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In thinking back to when I was younger, I only have vague memories of a miniature TV we used to have. It was so small that if my dad stood in front of it, I could have sworn that you wouldn’t be able to see the TV behind him. In fact, I recall that it was even smaller than our computer (which isn’t very big). The quality was horrible too, but I never really noticed. I just remember being enthralled in being able to watch our 20-year-old DVDs on this tiny screen. Watching TV was a treat for me as a young child, since we probably watched something only about once every month or so. We never watched shows, just DVDs. That was something to look forward to; something to provide me with mild entertainment.

Then, one day, it was gone. My parents gave our TV away to goodwill, just like that. I was confused, but not upset. It wasn’t like we watched it everyday. Still, I wouldn’t have minded having a TV in the house.

“We’ll get a new one,” my parents assured me. “A bigger one. A better one.”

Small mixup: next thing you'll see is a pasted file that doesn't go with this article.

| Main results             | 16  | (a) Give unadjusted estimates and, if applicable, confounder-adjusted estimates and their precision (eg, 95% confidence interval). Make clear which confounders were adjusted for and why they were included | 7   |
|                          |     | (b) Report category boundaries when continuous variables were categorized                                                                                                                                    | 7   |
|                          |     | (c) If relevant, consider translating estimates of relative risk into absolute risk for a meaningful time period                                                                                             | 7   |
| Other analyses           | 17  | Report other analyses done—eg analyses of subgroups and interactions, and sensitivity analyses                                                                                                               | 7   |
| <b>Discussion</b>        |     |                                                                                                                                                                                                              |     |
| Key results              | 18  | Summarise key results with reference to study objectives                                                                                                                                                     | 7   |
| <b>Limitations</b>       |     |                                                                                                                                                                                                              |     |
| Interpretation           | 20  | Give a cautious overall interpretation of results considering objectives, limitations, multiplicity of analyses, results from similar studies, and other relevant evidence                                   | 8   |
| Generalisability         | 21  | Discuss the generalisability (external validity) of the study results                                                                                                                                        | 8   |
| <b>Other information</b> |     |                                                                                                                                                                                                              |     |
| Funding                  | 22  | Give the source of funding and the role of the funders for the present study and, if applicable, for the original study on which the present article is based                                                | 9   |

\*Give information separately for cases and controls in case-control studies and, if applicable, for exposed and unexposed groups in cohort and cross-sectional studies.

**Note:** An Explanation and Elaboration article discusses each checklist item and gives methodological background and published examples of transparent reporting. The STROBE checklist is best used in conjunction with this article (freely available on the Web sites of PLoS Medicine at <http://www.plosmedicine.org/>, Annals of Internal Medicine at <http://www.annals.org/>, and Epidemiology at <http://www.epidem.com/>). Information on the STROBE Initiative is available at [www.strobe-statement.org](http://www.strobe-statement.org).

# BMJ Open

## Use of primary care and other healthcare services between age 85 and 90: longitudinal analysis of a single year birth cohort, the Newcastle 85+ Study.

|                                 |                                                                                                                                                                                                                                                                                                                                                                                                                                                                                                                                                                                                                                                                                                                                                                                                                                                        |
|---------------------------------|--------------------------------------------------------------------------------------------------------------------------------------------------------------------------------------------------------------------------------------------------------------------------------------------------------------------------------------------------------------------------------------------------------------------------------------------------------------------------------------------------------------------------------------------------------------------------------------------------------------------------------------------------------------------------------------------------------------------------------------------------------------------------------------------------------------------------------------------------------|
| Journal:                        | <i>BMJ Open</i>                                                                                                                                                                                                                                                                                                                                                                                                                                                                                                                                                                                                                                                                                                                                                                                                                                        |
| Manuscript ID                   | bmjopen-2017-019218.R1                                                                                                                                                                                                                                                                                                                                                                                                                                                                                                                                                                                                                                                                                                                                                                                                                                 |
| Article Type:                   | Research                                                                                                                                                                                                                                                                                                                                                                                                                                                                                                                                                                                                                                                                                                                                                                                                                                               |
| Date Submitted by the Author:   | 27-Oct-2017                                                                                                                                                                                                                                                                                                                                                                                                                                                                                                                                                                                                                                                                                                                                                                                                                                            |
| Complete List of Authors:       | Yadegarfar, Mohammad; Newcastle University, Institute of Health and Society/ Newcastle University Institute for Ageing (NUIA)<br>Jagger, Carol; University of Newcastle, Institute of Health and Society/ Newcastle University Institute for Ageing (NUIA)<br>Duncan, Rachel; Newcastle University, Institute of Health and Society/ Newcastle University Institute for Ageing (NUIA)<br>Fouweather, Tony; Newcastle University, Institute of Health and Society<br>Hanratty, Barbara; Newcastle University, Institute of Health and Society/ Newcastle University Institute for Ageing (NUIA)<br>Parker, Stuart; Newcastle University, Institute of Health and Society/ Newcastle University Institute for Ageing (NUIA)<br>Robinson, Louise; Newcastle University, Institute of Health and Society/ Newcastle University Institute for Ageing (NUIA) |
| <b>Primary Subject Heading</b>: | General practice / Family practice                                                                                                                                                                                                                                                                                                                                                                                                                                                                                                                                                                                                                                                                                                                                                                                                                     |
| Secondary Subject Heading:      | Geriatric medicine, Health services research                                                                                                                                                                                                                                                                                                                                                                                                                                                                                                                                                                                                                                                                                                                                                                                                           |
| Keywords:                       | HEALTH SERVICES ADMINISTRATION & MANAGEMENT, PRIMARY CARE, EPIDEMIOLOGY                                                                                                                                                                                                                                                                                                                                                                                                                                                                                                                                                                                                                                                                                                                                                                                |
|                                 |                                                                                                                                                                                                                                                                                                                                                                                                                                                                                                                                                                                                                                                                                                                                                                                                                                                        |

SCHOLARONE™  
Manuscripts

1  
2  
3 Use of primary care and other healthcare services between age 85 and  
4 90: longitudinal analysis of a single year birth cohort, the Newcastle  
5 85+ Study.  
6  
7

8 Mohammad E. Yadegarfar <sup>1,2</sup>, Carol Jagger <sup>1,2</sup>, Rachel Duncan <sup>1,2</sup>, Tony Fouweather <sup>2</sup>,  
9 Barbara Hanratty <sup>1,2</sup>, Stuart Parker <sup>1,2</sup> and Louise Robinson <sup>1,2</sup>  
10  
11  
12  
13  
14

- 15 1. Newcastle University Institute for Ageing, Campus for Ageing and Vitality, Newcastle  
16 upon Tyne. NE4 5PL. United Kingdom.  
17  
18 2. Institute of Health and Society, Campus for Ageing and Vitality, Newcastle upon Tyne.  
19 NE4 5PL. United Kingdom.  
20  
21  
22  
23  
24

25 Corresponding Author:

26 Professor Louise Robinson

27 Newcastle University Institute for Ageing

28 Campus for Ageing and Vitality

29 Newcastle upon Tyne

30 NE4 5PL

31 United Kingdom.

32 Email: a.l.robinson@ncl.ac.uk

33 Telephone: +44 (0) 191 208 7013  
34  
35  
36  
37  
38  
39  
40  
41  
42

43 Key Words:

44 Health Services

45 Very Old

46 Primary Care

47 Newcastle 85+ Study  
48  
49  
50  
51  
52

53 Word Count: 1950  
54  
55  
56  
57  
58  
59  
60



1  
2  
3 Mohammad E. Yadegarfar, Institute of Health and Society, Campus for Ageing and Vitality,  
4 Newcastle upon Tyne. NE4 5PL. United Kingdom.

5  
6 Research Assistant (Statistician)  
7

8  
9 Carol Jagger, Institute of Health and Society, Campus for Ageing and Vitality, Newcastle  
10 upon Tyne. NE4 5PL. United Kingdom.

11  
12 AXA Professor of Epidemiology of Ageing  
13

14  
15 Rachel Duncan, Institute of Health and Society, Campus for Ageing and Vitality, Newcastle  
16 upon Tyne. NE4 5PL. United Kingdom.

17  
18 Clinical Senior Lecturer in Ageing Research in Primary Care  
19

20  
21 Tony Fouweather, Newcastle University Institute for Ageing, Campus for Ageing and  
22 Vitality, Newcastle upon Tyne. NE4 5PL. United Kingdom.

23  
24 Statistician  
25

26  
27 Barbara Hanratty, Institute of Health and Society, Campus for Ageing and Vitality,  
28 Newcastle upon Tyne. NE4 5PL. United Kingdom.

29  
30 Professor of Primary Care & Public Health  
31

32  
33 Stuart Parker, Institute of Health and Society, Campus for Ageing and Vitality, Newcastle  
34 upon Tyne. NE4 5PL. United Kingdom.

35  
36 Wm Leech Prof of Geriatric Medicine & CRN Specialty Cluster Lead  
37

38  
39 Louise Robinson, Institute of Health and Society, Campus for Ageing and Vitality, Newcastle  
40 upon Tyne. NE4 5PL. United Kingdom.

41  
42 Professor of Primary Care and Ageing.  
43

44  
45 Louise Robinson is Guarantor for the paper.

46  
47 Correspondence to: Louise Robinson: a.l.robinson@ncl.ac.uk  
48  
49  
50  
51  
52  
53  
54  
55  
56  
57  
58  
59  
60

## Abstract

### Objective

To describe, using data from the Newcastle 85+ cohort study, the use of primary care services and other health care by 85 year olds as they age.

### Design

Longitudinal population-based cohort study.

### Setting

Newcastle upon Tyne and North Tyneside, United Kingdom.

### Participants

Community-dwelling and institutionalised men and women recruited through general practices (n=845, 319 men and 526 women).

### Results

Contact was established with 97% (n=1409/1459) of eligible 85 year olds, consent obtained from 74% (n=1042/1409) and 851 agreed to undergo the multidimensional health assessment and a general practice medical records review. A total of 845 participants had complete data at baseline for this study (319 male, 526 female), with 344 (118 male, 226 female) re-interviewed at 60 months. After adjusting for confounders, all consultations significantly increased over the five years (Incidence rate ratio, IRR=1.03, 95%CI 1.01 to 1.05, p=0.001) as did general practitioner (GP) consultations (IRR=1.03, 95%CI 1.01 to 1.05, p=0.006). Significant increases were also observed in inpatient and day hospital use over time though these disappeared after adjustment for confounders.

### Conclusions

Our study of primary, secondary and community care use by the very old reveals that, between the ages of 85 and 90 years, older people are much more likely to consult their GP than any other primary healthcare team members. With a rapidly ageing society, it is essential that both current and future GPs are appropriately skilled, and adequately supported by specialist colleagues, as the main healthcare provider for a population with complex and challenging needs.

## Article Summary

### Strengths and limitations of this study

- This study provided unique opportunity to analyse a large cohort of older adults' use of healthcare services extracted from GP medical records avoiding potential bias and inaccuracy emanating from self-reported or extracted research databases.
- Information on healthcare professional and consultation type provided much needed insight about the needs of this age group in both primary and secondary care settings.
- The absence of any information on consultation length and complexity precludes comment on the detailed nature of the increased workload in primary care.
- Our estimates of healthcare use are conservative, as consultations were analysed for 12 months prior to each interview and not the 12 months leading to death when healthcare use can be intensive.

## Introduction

But we never did.

So, I turned to a new form of entertainment. Whenever I was bored; so bored that I could not bear to read another book or even play outside, I stared out my window. Like magic, my window transformed into my very own TV screen. It had practically every channel a child like me would ever want.

I watched my younger neighbors squabble over their games outside. I watched squirrels chase one another up trees. I watched leaves dancing in the wind. In June, the towering jacaranda tree in front of my house would bud dazzling purple flowers, which drifted down with the wind and blanketed the ground. Once, I even watched two neighbors yell at each other over nothing. When I was around eight years old, some wasps built a nest right on the outside of my parents’ bedroom window. This was the beginning of a brand new channel on my TV. I watched, captivated, as the wasps buzzed around, building a nest. Whenever I had nothing to do, all I had to do was stare out the window and see my very own nature show. As far as my concerns went, it was far better than any TV. Meanwhile, my mother was constantly teaching piano downstairs, providing the perfect soundtrack to my shows.

Every so often these days, my family reconsiders getting a new TV. But I never get too involved in those conversations-- because I’m perfectly content. While everyone else was busy watching strangers act out scenes on their emotionless black screens, I found out a secret:

The best source of entertainment is right outside your window.

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